John H. Moore and Margaret Moore, his mother, severally answered the complaint, putting in issue the material allegations thereof. The issues thus joined were brought to trial at a special term of the supreme court, and the court found that Moore entered the employ of the plaintiff in 1866 as night watchman; that in 1867 he was made bridge-tender and gate-man, and December 1, 1870, was made ferry master, and continued in that capacity until he was discharged, January 17, 1883; that it was his duty to receive fees or tolls for teams and persons crossing plaintiff's ferries, and pay over the whole thereof to the plaintiff; that in his capacities above mentioned he collected and received large sums of money; that he did not pay over the whole thereof to the plaintiff, nor render to it a full, complete, and fair statement thereof, but fraudulently retained and converted to his own use a large amount of the moneys so received for the plaintiff, amounting to at least the sum of $22,869.68, which was deposited with other moneys in the savings banks, and invested in the real estate mentioned in the complaint; and it ordered judgment for the plaintiff, in respect of that sum, substantially according to the prayer of the complaint. The defendants Moore, having filed exceptions to the findings and conclusions of the court, appealed to the general term, where the judgment of the special term was reversed, and a new trial was ordered for errors of law only. The plaintiff then appealed to this court.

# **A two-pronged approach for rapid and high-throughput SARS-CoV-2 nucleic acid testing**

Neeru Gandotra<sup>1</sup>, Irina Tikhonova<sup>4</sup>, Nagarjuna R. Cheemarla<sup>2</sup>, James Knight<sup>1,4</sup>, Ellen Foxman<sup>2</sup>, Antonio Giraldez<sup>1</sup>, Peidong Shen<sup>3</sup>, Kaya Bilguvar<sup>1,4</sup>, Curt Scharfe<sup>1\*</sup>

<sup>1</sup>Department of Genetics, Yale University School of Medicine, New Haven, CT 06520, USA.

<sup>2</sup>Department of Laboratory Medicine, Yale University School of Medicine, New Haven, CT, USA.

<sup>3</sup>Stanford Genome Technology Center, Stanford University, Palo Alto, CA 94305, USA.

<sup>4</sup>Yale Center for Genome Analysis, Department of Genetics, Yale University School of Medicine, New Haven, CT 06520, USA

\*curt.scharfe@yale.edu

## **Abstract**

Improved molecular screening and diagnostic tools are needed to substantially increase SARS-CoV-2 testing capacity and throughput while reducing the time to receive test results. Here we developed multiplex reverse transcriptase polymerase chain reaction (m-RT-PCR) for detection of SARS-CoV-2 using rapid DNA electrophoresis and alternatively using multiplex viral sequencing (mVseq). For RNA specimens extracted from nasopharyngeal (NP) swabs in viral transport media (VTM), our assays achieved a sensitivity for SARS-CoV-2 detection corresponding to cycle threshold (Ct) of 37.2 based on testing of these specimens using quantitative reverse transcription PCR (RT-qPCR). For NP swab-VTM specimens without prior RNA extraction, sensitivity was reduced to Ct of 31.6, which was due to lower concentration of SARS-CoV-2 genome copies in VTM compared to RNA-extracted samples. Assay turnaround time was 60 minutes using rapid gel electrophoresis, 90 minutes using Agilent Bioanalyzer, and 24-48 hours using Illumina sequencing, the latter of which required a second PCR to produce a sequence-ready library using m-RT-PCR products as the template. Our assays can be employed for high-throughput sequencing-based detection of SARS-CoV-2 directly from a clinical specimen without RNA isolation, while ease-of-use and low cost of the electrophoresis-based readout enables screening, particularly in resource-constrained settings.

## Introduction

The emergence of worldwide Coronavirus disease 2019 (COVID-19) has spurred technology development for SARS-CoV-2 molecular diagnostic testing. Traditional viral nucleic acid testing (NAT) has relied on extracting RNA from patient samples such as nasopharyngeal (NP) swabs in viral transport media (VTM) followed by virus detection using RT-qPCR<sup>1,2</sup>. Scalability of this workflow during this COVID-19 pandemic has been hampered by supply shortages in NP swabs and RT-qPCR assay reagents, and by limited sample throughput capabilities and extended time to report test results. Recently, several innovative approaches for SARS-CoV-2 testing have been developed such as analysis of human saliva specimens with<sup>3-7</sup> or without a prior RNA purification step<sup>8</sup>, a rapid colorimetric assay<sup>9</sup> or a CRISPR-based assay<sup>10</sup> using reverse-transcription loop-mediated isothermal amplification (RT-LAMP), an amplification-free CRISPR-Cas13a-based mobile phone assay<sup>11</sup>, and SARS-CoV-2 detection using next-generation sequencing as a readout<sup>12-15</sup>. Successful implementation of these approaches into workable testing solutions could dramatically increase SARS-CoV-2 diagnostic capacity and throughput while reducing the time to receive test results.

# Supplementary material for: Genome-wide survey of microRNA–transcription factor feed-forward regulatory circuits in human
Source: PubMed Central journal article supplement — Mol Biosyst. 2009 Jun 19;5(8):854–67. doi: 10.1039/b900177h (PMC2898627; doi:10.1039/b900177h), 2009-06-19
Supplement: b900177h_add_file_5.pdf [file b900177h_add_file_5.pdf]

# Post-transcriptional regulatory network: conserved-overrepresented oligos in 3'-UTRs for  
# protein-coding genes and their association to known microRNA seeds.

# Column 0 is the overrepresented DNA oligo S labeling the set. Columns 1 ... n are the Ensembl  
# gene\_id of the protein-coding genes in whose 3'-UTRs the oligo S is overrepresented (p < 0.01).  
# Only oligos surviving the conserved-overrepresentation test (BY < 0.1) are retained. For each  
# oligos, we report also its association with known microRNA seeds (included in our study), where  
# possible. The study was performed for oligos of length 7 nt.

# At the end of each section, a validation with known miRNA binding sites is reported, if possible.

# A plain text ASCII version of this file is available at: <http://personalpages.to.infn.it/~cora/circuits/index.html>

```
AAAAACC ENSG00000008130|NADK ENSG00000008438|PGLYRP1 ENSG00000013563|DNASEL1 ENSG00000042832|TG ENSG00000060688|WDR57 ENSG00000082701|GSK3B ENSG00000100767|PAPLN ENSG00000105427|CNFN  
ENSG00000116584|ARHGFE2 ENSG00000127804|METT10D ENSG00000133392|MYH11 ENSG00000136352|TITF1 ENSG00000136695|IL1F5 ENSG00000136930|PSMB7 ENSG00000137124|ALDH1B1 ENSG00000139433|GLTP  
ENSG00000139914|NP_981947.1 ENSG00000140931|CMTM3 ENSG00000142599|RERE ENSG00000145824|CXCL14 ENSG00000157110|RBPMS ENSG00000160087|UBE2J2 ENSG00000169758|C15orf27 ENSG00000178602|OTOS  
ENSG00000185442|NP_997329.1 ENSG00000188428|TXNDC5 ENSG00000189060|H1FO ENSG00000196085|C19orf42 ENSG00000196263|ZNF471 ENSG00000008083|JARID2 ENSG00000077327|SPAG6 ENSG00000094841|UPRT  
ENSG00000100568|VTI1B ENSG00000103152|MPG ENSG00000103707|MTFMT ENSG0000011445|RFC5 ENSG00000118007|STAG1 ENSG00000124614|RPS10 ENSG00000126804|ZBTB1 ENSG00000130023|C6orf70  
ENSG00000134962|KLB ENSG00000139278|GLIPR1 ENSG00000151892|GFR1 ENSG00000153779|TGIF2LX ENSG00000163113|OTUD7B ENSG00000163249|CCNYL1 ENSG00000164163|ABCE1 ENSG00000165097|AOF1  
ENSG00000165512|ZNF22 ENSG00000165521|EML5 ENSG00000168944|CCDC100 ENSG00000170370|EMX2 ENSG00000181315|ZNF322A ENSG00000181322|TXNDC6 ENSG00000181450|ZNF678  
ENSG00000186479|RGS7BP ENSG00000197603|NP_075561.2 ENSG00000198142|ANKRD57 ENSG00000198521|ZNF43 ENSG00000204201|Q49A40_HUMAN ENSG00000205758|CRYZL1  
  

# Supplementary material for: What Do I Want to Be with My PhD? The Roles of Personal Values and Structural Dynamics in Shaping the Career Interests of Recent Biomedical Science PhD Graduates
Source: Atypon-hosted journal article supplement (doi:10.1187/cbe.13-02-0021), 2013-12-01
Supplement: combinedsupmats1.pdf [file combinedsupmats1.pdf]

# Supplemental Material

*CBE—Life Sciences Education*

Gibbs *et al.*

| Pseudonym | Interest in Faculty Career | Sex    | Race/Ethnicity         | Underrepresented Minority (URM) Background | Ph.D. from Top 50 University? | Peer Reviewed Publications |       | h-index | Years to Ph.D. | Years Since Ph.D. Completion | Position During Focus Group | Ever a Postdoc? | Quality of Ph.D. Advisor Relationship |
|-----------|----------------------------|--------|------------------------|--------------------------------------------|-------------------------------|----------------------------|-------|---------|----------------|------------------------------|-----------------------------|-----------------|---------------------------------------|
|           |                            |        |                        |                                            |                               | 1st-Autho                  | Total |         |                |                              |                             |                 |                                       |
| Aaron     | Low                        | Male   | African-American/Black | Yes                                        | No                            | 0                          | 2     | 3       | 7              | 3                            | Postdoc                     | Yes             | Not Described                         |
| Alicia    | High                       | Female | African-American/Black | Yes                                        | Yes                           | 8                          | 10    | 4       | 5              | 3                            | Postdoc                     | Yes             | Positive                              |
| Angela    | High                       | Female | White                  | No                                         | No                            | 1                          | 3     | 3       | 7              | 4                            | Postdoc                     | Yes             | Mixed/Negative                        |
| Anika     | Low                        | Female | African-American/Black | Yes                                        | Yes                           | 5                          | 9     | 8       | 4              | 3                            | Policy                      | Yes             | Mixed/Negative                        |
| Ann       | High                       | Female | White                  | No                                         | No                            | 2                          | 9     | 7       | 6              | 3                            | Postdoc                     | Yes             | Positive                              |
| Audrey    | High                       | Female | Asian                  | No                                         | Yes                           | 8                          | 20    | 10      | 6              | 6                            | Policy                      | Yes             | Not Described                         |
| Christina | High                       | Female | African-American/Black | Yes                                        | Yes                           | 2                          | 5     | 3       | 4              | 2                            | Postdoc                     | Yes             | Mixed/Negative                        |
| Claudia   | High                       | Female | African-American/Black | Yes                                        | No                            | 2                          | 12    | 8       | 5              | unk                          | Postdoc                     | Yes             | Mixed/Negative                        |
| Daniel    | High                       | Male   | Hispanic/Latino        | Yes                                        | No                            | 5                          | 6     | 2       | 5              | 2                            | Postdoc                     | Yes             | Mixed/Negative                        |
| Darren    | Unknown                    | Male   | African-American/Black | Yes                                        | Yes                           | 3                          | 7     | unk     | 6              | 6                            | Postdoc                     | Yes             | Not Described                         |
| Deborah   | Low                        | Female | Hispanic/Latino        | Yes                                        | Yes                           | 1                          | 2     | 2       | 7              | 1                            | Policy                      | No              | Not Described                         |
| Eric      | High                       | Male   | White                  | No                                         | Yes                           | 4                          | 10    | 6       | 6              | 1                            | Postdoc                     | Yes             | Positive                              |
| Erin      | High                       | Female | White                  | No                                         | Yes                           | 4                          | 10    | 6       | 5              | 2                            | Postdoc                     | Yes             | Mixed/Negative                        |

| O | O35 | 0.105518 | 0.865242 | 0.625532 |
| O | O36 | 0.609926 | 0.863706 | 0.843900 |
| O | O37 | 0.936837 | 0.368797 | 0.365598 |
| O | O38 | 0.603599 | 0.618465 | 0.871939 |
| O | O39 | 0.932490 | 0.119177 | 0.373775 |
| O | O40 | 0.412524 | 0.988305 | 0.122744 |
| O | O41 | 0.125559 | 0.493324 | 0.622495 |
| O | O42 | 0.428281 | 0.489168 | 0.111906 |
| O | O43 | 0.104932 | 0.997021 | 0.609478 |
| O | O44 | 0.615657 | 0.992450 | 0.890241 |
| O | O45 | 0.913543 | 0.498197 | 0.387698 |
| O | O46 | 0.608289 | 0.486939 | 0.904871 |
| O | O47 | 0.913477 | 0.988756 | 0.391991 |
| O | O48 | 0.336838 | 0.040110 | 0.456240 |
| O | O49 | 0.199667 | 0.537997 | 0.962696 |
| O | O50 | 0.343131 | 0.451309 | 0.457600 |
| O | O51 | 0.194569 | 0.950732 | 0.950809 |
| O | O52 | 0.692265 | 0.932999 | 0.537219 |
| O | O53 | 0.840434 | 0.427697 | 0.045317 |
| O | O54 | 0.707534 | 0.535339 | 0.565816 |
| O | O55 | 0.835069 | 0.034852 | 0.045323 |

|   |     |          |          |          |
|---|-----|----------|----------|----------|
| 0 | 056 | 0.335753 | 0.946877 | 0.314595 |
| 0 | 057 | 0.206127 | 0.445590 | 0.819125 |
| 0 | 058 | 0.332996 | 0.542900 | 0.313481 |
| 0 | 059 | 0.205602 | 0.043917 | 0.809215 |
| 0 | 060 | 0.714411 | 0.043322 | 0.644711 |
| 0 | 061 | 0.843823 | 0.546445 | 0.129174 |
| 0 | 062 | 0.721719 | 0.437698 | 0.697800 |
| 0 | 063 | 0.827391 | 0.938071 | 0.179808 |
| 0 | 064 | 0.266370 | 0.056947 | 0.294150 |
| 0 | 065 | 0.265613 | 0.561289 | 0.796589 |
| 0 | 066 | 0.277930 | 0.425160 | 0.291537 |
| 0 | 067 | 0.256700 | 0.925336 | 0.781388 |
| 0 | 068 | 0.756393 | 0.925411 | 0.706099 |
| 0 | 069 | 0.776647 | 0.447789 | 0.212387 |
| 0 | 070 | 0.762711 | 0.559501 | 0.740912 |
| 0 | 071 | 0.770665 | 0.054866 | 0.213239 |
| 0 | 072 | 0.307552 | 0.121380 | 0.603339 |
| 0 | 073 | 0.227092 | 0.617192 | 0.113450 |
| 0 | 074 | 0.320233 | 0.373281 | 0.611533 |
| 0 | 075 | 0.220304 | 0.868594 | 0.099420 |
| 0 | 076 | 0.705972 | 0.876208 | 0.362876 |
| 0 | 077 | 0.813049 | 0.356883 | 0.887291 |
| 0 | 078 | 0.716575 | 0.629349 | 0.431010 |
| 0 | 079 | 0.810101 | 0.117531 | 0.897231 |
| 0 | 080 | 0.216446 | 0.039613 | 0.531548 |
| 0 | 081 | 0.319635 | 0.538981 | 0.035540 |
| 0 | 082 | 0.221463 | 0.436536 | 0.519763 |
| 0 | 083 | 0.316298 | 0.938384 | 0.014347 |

It is not disputed that upon the facts found the plaintiff was entitled to the judgment given at the special term. The general term reversed the judgment on the ground that there was no evidence to warrant the findings that the plaintiff had lost any money, or that Moore had wrongfully retained or embezzled any; and such is now the claim of Moore and his mother. As the reversal was upon the law only, we have not to deal with the weight of the evidence, but simply to determine whether there was any evidence which authorized the findings of the essential facts. It was impossible for the plaintiff to furnish any direct evidence of the precise extent of Moore's misconduct. He kept no account, and was not required to keep any, of the moneys received by him for tolls, and the plaintiff had no means of knowing how much money he received. At the end of each day it was his duty to place all the tolls received by him, together with a statement of the amount thereof, in a bag, and deliver the bag at the plaintiff's office. But it had no means of knowing whether the bag contained all the tolls collected during the day. It was able, however, to give evidence which we think fully justified the findings of the special term, and the judgment there given.